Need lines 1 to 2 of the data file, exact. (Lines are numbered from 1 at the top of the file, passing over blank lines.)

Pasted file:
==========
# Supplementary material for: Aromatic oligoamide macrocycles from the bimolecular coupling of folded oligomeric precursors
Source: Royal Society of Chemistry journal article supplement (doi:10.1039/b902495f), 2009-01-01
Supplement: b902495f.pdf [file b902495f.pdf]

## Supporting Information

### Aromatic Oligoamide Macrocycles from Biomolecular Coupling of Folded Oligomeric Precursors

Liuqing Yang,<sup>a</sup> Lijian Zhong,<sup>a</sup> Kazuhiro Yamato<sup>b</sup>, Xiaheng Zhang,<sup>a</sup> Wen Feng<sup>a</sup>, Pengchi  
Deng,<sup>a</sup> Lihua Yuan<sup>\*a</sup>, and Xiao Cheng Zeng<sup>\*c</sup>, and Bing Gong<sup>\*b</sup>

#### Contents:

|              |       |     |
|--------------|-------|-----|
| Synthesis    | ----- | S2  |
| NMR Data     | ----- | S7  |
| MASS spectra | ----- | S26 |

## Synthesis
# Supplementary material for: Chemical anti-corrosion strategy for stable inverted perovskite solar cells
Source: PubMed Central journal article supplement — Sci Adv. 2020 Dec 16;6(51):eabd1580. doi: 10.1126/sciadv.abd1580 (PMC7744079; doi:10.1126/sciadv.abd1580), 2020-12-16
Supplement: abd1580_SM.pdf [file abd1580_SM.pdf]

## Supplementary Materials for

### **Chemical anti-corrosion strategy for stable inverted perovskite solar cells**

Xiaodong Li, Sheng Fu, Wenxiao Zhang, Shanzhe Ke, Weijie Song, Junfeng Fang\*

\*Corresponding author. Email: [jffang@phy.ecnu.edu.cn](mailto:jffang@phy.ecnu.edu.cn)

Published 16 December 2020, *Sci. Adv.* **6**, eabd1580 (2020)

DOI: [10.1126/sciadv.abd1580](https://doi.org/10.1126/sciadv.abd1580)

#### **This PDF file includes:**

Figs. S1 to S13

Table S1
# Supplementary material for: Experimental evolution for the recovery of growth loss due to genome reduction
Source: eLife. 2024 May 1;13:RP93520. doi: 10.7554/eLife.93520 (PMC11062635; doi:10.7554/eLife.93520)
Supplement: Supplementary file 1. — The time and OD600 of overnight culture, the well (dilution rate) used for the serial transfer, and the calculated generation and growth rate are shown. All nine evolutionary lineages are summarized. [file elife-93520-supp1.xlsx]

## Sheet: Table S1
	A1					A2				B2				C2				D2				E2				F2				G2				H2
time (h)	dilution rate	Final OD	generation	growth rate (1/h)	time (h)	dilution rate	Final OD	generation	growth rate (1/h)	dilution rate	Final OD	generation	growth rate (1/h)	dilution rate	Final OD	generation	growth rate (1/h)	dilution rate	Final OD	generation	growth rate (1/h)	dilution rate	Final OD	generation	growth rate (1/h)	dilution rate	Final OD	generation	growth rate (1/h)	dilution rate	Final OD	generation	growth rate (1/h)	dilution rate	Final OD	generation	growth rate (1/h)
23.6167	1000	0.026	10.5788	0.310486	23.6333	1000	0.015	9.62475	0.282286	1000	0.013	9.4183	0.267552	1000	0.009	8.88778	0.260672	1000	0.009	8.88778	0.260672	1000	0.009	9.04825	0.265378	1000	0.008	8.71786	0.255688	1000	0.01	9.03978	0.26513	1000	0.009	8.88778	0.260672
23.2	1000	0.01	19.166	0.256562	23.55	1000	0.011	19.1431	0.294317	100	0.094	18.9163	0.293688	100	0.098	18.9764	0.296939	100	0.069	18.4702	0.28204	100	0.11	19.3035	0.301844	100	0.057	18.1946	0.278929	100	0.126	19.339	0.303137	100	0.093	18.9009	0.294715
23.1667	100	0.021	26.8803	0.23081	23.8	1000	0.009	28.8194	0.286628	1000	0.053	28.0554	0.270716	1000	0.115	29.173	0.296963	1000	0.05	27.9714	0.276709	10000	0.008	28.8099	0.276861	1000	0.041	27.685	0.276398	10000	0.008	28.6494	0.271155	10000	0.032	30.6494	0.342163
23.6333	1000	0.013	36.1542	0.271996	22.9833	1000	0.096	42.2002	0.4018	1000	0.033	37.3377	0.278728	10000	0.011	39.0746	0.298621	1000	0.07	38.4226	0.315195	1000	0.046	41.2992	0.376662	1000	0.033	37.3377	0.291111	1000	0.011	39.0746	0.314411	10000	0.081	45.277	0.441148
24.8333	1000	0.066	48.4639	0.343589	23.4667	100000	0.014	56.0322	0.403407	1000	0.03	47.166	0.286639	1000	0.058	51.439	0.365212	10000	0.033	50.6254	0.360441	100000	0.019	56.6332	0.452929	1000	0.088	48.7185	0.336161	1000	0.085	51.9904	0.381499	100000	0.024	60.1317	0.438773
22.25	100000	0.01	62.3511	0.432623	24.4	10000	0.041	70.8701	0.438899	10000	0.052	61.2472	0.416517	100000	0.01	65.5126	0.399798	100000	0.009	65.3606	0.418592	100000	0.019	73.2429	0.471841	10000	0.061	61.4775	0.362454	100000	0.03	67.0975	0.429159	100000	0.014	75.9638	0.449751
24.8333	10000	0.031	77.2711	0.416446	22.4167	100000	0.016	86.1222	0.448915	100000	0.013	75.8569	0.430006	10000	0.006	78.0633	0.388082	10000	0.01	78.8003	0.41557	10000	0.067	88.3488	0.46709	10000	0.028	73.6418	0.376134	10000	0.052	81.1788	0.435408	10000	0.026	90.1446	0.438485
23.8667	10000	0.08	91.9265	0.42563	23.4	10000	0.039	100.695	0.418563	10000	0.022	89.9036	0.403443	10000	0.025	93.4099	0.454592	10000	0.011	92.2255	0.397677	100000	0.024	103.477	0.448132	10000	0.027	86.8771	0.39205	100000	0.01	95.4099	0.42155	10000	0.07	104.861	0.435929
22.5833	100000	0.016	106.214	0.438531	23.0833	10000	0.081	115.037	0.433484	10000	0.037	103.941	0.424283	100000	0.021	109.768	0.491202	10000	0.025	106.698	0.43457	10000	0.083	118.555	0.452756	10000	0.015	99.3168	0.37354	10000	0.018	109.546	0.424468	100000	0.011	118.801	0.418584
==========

# Supplementary material for: Aromatic oligoamide macrocycles from the bimolecular coupling of folded oligomeric precursors
Source: Royal Society of Chemistry journal article supplement (doi:10.1039/b902495f), 2009-01-01